Willson: Halloween is more than just dressing up

Lauren Willson

Editor’s Note: All opinion section content reflects the views of the individual author only and does not represent a stance taken by The Collegian or its editorial board.

Halloween is typically thought of as a day for kids: a jovial festival of trick-or-treating and begging for cavity-inducing sweets. But, college students benefit from this holiday just as much, if not more, than their younger counterparts.

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While collegiate culture may give the impression that Halloween is about binge drinking and skimpy costumes, the rituals we have developed around this time of year actually reflect the holiday’s most fundamental purposes. 

What’s more, the way in which our demographic celebrates the holiday pays homage to the spooky celebration’s traditional origins in more ways than one might realize.

Halloween traces its roots to the ancient Celtic festival of Samhain. The annual fall gathering was based on the belief that the night brought deceased souls from the afterlife into the world of the living, according to the Encyclopedia Britannica. On this night, Celts would dress up as ghouls, goblins and other phantasmagorical creatures to ward off the evils of the underworld.

The ancient festival also marked the eve of the Celtic New Year, a day representing the transition between seasons of fruitfulness, harvest and natural decay and loss.

Just as the Celts celebrated Samhain to commemorate the transition into a new season, college students also partake in Halloween to celebrate the completion of midterms and the beginning of a new academic period. We dress up in spooky costumes to ward off the evils of professors’ grading pens and the potentially terrifying results of Scantrons.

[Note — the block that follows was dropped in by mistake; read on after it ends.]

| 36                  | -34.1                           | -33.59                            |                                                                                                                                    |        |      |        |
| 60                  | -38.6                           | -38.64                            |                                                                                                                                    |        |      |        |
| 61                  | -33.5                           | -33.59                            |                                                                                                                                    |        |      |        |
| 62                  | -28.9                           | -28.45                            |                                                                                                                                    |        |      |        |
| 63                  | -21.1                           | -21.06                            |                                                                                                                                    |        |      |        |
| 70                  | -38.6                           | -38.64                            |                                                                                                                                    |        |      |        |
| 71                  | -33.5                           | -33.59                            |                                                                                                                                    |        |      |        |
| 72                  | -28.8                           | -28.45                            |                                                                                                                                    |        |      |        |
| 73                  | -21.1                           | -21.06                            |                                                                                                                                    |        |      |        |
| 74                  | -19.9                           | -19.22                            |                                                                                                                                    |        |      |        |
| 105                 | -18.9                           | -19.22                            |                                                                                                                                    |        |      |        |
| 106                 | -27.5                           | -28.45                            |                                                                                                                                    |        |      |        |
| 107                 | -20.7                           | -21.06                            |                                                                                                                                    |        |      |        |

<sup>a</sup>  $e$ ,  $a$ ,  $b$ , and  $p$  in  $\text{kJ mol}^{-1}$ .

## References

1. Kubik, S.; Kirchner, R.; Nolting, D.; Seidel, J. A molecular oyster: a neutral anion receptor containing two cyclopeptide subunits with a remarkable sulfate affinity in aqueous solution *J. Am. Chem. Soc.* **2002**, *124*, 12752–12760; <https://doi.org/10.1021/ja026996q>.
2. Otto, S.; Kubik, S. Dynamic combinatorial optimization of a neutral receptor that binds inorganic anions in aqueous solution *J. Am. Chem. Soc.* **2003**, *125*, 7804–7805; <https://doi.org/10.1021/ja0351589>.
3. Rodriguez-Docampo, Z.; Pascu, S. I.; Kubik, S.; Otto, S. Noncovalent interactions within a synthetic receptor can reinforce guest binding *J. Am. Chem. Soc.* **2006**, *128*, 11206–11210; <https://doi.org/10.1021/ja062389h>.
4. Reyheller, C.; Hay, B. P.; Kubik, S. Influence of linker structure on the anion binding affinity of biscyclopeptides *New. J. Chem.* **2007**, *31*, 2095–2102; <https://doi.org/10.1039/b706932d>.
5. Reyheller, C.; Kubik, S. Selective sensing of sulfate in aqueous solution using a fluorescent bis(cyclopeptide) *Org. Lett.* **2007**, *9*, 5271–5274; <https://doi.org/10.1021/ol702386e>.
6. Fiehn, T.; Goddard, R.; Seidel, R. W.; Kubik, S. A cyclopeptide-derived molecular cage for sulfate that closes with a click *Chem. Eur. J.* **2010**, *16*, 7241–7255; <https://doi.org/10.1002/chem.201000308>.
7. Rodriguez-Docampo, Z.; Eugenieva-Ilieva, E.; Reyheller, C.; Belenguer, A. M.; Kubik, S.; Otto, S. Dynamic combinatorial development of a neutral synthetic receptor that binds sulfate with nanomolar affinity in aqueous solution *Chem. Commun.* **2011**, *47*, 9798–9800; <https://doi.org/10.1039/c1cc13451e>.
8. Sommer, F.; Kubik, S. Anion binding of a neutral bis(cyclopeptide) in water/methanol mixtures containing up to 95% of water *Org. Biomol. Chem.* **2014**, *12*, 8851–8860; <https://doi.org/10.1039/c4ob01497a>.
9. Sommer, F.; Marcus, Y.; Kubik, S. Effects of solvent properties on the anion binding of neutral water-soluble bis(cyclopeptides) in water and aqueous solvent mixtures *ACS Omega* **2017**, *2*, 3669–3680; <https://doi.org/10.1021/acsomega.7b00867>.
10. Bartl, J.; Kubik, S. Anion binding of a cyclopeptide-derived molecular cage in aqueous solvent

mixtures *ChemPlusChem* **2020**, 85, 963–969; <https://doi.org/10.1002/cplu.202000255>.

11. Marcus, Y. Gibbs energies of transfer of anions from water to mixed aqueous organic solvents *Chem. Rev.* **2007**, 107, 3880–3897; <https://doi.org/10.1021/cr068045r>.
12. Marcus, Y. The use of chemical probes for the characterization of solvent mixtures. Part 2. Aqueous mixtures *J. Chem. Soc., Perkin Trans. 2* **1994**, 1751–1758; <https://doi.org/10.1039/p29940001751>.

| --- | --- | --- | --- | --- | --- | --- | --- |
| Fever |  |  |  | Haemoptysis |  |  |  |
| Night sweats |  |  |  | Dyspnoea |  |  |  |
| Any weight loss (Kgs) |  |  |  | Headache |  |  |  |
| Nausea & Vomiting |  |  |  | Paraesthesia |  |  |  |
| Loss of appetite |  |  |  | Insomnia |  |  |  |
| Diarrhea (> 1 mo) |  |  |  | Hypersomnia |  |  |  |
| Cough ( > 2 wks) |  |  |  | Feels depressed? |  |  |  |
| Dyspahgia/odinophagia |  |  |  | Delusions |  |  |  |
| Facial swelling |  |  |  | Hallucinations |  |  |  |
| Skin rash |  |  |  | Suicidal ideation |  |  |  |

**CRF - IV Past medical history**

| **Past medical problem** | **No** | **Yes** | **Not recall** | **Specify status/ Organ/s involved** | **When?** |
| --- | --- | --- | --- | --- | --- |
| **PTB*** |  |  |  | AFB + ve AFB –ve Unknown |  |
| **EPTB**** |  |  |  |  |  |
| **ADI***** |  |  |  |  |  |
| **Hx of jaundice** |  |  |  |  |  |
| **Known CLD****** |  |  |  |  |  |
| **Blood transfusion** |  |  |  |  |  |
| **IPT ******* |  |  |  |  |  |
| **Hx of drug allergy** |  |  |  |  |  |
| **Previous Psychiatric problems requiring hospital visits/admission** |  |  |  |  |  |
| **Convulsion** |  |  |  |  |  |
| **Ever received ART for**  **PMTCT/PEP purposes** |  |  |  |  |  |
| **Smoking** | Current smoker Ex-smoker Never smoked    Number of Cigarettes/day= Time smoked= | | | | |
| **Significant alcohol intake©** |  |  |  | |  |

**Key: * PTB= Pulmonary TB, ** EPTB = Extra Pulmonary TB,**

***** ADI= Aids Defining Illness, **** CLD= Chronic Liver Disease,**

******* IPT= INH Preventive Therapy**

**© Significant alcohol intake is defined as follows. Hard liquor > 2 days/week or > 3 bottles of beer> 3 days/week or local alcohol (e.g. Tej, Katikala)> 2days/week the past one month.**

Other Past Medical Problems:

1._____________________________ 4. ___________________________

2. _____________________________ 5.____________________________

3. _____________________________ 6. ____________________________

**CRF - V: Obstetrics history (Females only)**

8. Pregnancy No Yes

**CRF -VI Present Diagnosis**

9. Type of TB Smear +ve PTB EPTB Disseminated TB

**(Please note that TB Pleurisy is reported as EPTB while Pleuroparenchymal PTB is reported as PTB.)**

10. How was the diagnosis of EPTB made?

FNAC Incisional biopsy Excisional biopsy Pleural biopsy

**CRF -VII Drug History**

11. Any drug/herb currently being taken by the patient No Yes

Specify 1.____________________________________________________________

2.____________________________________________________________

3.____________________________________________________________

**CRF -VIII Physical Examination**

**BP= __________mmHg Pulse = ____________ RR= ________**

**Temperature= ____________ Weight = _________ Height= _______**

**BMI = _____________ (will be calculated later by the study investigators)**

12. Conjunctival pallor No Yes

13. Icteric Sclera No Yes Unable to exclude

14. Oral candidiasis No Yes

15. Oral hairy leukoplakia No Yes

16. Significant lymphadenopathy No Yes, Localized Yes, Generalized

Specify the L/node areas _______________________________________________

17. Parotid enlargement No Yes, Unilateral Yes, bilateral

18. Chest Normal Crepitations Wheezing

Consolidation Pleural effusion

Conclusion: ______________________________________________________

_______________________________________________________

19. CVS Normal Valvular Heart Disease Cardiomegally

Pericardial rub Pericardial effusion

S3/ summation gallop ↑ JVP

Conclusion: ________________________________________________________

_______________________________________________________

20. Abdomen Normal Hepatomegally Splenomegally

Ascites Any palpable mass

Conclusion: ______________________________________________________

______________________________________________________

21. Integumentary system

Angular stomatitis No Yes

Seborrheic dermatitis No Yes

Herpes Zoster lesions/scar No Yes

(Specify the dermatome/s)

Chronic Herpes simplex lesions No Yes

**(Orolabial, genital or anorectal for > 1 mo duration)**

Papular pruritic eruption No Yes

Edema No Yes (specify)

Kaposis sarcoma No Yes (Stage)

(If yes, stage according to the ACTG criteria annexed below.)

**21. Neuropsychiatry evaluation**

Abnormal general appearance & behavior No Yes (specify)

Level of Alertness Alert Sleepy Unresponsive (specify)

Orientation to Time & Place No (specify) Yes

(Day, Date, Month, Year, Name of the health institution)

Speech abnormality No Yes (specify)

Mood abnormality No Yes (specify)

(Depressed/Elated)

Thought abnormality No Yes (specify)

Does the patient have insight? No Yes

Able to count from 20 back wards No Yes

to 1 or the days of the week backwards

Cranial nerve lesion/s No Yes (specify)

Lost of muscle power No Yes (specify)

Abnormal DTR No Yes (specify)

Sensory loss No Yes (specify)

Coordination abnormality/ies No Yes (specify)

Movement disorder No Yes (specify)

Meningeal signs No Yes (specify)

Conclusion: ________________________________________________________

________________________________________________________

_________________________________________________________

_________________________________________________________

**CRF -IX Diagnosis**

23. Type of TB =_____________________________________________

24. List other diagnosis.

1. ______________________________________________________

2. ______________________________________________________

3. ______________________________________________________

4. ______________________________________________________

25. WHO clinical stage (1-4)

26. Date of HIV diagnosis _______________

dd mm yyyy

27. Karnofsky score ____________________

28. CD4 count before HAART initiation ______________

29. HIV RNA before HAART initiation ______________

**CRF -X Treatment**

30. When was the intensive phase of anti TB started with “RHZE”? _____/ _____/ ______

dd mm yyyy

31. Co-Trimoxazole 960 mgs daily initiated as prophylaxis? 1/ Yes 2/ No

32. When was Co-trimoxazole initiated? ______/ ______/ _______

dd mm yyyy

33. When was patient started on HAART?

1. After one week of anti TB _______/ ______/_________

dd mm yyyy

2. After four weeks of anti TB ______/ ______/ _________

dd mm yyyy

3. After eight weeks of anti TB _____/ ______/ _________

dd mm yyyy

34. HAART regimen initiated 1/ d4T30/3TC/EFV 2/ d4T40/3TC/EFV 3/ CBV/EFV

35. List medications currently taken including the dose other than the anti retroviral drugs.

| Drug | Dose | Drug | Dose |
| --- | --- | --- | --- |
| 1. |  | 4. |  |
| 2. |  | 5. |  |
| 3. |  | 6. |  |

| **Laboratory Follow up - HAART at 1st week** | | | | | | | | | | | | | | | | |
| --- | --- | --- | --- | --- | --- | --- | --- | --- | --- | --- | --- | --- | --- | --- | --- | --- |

In the same vein of controlling future events, Halloween rituals like apple bobbing were used as means of fortune telling in colonial America, states LiveScience. It was believed that the first person to successfully bob for an apple would be the first to marry. This and other marriage-based Halloween rituals are recounted in  “Halloween and Commemorations of the Dead” by Roseanne Montillo.

The romantic rites observed during Halloween on college campuses show strong parallels. Women and men alike may wear risqué costumes in a peacock-esque manner of attracting a partner, whether for short- or long-term engagement.

Additionally, social drinking may be seen as a celebratory custom that lessen inhibitions around this stressful, often lonely time of the semester. With “cuffing season” in full swing, it’s no wonder students are drawn to police (wo)man costumes.

Halloween is a holiday characterized by superstition and magical ideals. Black cats, jack-o-lanterns, and ghosts were each originally linked with certain connotations: avoiding bad luck, guiding spirits of loved ones, and scaring off demons, respectively. Decades and even centuries later, it can be easy to forget where Halloween began.

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Today, college parties might seem benign and totally uninfluenced by spiritual, romantic, or superstitious rites and rituals. But at their core, these gatherings of costume-clad undergrads all share a similar purpose: to help us forget our fears of the past, present and future, if only for a night.

Lauren Willson can be reached at letters@collegian and online via Twitter @WillsonLauren